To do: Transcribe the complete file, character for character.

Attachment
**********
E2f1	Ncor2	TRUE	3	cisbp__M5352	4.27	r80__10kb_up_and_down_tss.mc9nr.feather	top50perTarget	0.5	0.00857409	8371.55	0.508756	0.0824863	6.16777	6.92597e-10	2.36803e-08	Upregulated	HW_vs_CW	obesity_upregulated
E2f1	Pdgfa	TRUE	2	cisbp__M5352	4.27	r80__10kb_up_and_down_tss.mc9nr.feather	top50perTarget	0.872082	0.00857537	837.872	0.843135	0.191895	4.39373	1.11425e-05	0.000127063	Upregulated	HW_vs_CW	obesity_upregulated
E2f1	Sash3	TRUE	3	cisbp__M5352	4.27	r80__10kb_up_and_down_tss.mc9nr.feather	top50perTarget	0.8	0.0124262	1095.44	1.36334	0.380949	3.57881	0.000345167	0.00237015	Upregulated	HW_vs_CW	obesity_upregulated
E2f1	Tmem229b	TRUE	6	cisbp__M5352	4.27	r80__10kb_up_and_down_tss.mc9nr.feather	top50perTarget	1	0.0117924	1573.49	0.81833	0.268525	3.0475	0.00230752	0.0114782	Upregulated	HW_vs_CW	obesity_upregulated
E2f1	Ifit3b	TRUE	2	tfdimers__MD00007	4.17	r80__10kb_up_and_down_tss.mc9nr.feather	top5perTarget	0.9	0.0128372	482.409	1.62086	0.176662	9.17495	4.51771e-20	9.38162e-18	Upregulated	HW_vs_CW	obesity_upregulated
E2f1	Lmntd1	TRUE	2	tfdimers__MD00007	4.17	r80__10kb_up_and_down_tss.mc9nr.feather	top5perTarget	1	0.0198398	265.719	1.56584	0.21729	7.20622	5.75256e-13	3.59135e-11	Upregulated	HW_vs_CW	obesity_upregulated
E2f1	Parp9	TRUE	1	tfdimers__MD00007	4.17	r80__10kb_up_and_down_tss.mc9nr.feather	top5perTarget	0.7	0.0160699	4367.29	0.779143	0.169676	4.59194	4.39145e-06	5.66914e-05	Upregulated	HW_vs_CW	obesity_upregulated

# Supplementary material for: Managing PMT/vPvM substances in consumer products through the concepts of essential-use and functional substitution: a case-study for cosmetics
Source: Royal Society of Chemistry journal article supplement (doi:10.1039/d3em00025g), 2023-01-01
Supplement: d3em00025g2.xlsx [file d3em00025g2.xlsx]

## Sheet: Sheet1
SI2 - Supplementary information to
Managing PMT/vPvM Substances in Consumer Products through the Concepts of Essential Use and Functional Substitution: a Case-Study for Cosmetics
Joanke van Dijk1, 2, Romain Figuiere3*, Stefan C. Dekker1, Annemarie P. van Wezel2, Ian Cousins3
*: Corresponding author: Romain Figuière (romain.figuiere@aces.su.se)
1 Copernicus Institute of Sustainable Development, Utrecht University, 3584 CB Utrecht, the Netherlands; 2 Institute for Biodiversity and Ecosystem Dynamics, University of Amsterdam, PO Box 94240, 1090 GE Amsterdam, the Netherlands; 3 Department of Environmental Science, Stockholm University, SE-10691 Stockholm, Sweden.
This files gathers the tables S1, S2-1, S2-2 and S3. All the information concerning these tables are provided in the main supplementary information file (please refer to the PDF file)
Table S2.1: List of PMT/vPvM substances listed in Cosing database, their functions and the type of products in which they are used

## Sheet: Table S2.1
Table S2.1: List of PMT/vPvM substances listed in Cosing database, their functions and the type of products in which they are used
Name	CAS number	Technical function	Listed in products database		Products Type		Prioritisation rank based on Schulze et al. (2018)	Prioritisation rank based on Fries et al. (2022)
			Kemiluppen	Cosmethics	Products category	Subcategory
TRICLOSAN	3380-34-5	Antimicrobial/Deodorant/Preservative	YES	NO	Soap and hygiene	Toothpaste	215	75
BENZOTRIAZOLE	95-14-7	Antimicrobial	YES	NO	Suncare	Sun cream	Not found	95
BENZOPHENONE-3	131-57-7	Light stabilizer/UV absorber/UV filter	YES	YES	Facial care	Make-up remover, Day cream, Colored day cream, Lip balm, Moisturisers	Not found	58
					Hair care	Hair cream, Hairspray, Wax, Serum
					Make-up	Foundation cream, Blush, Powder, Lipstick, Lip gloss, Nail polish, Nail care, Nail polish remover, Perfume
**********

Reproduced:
E2f1	Ncor2	TRUE	3	cisbp__M5352	4.27	r80__10kb_up_and_down_tss.mc9nr.feather	top50perTarget	0.5	0.00857409	8371.55	0.508756	0.0824863	6.16777	6.92597e-10	2.36803e-08	Upregulated	HW_vs_CW	obesity_upregulated
E2f1	Pdgfa	TRUE	2	cisbp__M5352	4.27	r80__10kb_up_and_down_tss.mc9nr.feather	top50perTarget	0.872082	0.00857537	837.872	0.843135	0.191895	4.39373	1.11425e-05	0.000127063	Upregulated	HW_vs_CW	obesity_upregulated
E2f1	Sash3	TRUE	3	cisbp__M5352	4.27	r80__10kb_up_and_down_tss.mc9nr.feather	top50perTarget	0.8	0.0124262	1095.44	1.36334	0.380949	3.57881	0.000345167	0.00237015	Upregulated	HW_vs_CW	obesity_upregulated
E2f1	Tmem229b	TRUE	6	cisbp__M5352	4.27	r80__10kb_up_and_down_tss.mc9nr.feather	top50perTarget	1	0.0117924	1573.49	0.81833	0.268525	3.0475	0.00230752	0.0114782	Upregulated	HW_vs_CW	obesity_upregulated
E2f1	Ifit3b	TRUE	2	tfdimers__MD00007	4.17	r80__10kb_up_and_down_tss.mc9nr.feather	top5perTarget	0.9	0.0128372	482.409	1.62086	0.176662	9.17495	4.51771e-20	9.38162e-18	Upregulated	HW_vs_CW	obesity_upregulated
E2f1	Lmntd1	TRUE	2	tfdimers__MD00007	4.17	r80__10kb_up_and_down_tss.mc9nr.feather	top5perTarget	1	0.0198398	265.719	1.56584	0.21729	7.20622	5.75256e-13	3.59135e-11	Upregulated	HW_vs_CW	obesity_upregulated
E2f1	Parp9	TRUE	1	tfdimers__MD00007	4.17	r80__10kb_up_and_down_tss.mc9nr.feather	top5perTarget	0.7	0.0160699	4367.29	0.779143	0.169676	4.59194	4.39145e-06	5.66914e-05	Upregulated	HW_vs_CW	obesity_upregulated

# Supplementary material for: Managing PMT/vPvM substances in consumer products through the concepts of essential-use and functional substitution: a case-study for cosmetics
Source: Royal Society of Chemistry journal article supplement (doi:10.1039/d3em00025g), 2023-01-01
Supplement: d3em00025g2.xlsx [file d3em00025g2.xlsx]

## Sheet: Sheet1
SI2 - Supplementary information to
Managing PMT/vPvM Substances in Consumer Products through the Concepts of Essential Use and Functional Substitution: a Case-Study for Cosmetics
Joanke van Dijk1, 2, Romain Figuiere3*, Stefan C. Dekker1, Annemarie P. van Wezel2, Ian Cousins3
*: Corresponding author: Romain Figuière (romain.figuiere@aces.su.se)
1 Copernicus Institute of Sustainable Development, Utrecht University, 3584 CB Utrecht, the Netherlands; 2 Institute for Biodiversity and Ecosystem Dynamics, University of Amsterdam, PO Box 94240, 1090 GE Amsterdam, the Netherlands; 3 Department of Environmental Science, Stockholm University, SE-10691 Stockholm, Sweden.
This files gathers the tables S1, S2-1, S2-2 and S3. All the information concerning these tables are provided in the main supplementary information file (please refer to the PDF file)
Table S2.1: List of PMT/vPvM substances listed in Cosing database, their functions and the type of products in which they are used

## Sheet: Table S2.1
Table S2.1: List of PMT/vPvM substances listed in Cosing database, their functions and the type of products in which they are used
Name	CAS number	Technical function	Listed in products database		Products Type		Prioritisation rank based on Schulze et al. (2018)	Prioritisation rank based on Fries et al. (2022)
			Kemiluppen	Cosmethics	Products category	Subcategory
TRICLOSAN	3380-34-5	Antimicrobial/Deodorant/Preservative	YES	NO	Soap and hygiene	Toothpaste	215	75
BENZOTRIAZOLE	95-14-7	Antimicrobial	YES	NO	Suncare	Sun cream	Not found	95
BENZOPHENONE-3	131-57-7	Light stabilizer/UV absorber/UV filter	YES	YES	Facial care	Make-up remover, Day cream, Colored day cream, Lip balm, Moisturisers	Not found	58
					Hair care	Hair cream, Hairspray, Wax, Serum
					Make-up	Foundation cream, Blush, Powder, Lipstick, Lip gloss, Nail polish, Nail care, Nail polish remover, Perfume